However, despite being an alternative way to situate and spatialize global networks of resistance, ruangrupa’s time-zone concept must not be taken for granted. Times zones, albeit widely naturalized, were created in the late nineteenth century to accommodate railroad expansion. [4]4
Even before the nineteenth century, temporal regimes were established with the evolution of maritime technologies that enabled the expedition into and colonization of the Americas. Black Quantum Futurism, Theory & Practices, Volume II (North Haven, CT: The Afrofuturist Affair, 2021), 11.
More than a mere system for keeping time, time zones were instruments of globalization enabling deterritorialization, forced migration, and servitude. The time zone is, as the Philadelphia-based duo Black Quantum Futurism (Rasheedah Phillips and Moor Mother) states, no one’s but the master’s clock. Questioning the structuring of daily life and broader society according to the prime meridian and other mechanisms of temporality is thus central to dismantling regimes of surveillance, colonial machineries of violence, and systems of oppression to which communities of color—especially Indigenous, Afro-Indigenous, and Afrodiasporic communities—have been subjected.

To contend with issues of temporality afforded by the prime meridian, Black Quantum Futurism (BQF) installed posters in the Fünffensterstrasse from their ongoing research project exclaiming “Restore Black Temporal Realities.” Along the underpass, the time–space travel capsule Black Grandmother Clock (Oral Futures Booth) (2021) collected audio testimonies of Kassel locals and visitors. Evoking the urgency for racial, environmental, and temporal justice, Black Quantum Futurism’s stories, time capsules, and soundscapes constituted an explicit expression of all the possible worlds beyond the one upheld by a chronology of domination. Using the ancient time-telling device known as a clepsydra, BQF created a platform on the bank of the Fulda River called The Clepsydra Stage as a reference of a form of temporality defined by the flow of water. The Afrofuturist gesture thus entailed a return to speculative imaginaries, storytelling, and future-thinking for the liberation of our sequestered spatial-temporal consciousness and one-world logic. [5]5
In recent years the ontological turn in the social sciences has developed a number of approaches to the pluriverse, that is a recognition and understanding of the multiple worlds that surrounds us. These worlds, more so than signaling various worldviews on the one world, refer to the multiple ways of constructing a sense of the real through cosmologies and forms of creating relationalities that are not simply human. In this context I allude to the one-world logic also to refer to the modern colonial world system, which, since the sixteenth century, chronicles and conquistadors like ​​Francisco López de Gómara established as the only possible world. The one-world world or the one-world logic, is further defined by science and technology studies. The sociologist John Law has described it as “that which was allegedly composed of a single World and assumes it to be ‘the’ only world possible, subjecting all other worlds to either its own terms or considering them to be completely non-existent. In other words, the one-world world is a world where only one world fits.” John Law, “What’s Wrong with a One-World World?” Distinkton: Scandinavian Journal of Social Theory 16, no. 1 (2015): 126–39.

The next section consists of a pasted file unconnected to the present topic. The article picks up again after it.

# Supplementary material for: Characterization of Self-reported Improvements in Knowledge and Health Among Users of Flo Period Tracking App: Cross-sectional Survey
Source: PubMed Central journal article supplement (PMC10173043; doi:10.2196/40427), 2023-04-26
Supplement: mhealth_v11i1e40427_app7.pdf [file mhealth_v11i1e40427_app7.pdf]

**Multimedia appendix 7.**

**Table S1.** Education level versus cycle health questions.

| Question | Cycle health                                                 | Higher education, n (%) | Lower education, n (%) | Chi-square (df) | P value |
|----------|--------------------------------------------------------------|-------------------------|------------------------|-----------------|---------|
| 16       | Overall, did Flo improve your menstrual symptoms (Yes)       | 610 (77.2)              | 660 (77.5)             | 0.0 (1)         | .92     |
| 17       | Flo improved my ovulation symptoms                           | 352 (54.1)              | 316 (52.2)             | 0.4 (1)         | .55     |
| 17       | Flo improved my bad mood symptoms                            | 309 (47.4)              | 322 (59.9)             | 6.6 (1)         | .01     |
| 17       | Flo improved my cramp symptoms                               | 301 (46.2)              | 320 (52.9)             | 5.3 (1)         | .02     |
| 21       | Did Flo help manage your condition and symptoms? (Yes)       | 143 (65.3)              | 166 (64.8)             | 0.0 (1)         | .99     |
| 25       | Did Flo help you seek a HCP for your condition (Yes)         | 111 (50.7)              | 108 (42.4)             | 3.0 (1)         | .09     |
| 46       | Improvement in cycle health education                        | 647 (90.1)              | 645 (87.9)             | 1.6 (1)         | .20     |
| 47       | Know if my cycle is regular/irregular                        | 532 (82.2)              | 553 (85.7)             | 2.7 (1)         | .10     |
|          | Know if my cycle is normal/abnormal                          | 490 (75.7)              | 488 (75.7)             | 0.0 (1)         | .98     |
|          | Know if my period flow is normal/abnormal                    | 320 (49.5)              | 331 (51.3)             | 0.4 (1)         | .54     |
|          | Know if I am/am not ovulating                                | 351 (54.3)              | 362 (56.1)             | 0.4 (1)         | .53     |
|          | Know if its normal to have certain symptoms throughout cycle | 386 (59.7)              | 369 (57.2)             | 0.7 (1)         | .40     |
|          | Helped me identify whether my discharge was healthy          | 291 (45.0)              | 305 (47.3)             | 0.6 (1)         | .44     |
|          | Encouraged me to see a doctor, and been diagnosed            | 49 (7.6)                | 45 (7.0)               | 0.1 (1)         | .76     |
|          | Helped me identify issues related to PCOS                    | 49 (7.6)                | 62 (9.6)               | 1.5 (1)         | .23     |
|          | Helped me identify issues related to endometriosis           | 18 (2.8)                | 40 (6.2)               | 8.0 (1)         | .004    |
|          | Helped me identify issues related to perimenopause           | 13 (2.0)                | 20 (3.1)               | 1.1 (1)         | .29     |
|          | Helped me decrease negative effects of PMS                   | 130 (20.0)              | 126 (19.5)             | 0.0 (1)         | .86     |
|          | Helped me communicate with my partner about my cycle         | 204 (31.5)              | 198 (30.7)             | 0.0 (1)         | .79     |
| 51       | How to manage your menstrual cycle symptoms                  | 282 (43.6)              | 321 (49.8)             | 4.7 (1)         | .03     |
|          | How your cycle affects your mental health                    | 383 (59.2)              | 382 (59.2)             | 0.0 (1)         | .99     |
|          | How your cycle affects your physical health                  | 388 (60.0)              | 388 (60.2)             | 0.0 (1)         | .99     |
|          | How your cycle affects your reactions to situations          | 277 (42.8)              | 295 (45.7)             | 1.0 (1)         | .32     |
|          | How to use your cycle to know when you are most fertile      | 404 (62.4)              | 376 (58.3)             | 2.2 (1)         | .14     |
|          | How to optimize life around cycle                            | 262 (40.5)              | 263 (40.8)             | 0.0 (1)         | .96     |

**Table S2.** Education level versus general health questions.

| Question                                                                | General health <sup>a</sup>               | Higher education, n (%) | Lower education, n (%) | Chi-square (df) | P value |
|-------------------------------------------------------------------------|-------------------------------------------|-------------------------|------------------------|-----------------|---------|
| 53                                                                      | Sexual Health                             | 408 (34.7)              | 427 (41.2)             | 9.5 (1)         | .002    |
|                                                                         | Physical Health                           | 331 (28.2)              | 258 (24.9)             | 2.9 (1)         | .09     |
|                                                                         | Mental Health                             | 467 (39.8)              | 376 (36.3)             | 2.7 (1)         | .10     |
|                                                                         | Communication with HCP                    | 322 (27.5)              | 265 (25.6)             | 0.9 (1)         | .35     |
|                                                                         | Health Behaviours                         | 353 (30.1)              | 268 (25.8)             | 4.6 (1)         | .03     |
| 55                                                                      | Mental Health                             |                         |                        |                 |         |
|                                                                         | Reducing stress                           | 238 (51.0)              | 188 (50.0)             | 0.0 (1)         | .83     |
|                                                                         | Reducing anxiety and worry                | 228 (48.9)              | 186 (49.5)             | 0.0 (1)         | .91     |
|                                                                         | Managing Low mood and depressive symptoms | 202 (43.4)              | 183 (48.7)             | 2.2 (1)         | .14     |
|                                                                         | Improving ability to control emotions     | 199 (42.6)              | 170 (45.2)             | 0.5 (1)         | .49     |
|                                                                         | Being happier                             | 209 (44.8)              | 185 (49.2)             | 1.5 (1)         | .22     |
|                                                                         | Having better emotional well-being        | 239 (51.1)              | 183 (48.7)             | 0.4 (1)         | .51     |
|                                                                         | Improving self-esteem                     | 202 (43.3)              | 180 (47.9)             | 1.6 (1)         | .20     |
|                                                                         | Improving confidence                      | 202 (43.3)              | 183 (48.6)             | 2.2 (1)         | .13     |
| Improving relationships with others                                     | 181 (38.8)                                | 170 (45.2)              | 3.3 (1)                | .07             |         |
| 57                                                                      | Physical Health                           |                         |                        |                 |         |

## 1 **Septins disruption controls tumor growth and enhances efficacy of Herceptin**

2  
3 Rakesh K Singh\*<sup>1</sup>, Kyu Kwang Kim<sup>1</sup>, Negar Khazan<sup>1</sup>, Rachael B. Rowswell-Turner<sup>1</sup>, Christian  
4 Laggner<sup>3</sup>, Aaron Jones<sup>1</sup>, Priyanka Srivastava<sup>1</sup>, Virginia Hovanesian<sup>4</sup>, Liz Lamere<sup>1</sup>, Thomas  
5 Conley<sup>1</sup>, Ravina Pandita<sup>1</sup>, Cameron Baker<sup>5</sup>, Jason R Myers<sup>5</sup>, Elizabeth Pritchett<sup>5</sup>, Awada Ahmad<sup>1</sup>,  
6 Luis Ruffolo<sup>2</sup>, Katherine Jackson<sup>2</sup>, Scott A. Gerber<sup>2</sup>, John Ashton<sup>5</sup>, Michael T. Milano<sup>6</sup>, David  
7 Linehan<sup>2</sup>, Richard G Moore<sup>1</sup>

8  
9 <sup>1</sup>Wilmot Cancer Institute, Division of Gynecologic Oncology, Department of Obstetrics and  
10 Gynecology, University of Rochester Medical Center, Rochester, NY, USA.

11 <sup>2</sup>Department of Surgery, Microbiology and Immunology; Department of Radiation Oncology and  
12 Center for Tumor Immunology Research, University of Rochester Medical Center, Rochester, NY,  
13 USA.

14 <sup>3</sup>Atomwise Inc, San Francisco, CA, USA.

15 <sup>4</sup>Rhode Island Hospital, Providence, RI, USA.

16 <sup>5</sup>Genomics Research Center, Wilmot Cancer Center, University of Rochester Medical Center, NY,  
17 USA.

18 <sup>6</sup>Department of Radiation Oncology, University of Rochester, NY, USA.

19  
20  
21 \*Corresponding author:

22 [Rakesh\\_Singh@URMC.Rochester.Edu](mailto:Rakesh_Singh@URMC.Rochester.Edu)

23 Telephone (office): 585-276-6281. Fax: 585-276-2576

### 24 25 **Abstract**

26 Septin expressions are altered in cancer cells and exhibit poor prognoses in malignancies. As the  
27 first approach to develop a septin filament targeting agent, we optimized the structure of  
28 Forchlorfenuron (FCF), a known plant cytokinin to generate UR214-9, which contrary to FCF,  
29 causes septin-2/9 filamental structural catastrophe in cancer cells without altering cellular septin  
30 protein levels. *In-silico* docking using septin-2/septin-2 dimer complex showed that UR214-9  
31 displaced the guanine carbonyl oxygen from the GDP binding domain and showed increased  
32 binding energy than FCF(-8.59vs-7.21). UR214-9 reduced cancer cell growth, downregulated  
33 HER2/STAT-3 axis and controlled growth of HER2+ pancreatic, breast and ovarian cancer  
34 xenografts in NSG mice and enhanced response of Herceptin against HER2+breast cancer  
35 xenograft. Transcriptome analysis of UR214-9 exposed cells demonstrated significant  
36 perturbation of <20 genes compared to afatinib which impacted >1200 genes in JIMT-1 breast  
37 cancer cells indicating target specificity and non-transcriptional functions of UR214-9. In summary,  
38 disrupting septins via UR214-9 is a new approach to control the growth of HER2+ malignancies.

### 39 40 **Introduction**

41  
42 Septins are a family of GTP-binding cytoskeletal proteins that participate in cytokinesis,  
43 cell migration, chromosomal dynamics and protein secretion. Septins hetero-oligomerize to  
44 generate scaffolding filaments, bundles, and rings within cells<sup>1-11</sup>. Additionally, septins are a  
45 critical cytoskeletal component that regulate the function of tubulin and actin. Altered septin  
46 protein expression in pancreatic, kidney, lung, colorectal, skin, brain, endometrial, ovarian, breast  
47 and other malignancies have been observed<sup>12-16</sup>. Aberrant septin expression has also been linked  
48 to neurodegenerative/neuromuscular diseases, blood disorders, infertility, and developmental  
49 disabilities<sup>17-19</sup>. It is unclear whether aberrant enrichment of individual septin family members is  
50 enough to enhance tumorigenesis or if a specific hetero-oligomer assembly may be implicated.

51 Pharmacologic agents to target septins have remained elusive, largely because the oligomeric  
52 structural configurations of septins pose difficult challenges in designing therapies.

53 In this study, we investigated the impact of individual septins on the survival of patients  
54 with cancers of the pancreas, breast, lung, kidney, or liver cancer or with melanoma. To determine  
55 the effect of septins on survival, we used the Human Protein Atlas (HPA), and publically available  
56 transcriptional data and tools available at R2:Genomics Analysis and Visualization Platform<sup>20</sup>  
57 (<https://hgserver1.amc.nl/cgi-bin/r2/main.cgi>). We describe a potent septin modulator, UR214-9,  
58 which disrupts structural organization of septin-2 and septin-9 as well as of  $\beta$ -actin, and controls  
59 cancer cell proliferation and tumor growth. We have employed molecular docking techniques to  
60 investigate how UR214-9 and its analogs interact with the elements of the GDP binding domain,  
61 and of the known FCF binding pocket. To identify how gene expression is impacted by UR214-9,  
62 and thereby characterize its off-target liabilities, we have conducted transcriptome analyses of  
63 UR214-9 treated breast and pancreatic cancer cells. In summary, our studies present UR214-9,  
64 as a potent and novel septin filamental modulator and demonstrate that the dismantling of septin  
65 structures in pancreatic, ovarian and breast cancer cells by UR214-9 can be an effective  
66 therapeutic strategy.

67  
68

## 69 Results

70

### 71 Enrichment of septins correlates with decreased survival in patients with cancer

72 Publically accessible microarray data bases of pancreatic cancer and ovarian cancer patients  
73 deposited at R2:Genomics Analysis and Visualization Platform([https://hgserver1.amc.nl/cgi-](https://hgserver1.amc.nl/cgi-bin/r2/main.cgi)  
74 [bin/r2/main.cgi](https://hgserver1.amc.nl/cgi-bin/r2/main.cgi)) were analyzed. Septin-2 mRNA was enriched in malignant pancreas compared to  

One such act of remembrance was the sound performance Watch Night Service, which took place on June 19 to commemorate Junetheenth, as this marks the emancipation of enslaved African Americans.

Beyond refusing the reiterated frameworks of temporal injustice underscored by art’s supposed anteriority of the non-West, BQF’s challenge to Eurocentric temporal regimes resulted in a powerful act of remembrance. In fact, the performance at the Walter-Lübcke-Brücke was also significant as the bridge bares the name of Walter Lübcke (1953–2019), Kassel’s former district president who was murdered by neo-Nazi extremists. Black Quantum Futurism’s insistence on naming, listing, and invoking multiple temporalities not only manifested against appropriation but also irrevocably demanded breaking open the shackles of linear and historical time.

However, besides providing powerful narratives of survivance, these projects were also concerned with listening. [6]6
The notion of futurity underscored here is more generally associated with what Anishinaabe scholar Gerald Vizenor termed in 1994 “survivance”—a neologism that combines concepts of survival and resistance, positioning contemporary Indigenous but also Black people as not merely present but thriving, resisting oppression, refusing to be marginalized, and actively asserting their sovereignty as nations. Gerald Vizenor, ed., Survivance, Narratives of Native Presence (Lincoln: Nebraska University Press, 2008).
In the act of remembrance, listening entailed a refusal of oblivion. Building on the principles of lumbung, in which farmers share harvest surpluses, ruangrupa invited collectives to aggregate as a multiplicity resources for mutual aid. In fact, to this they claimed: “Harvesters listen and reflect.” [7]7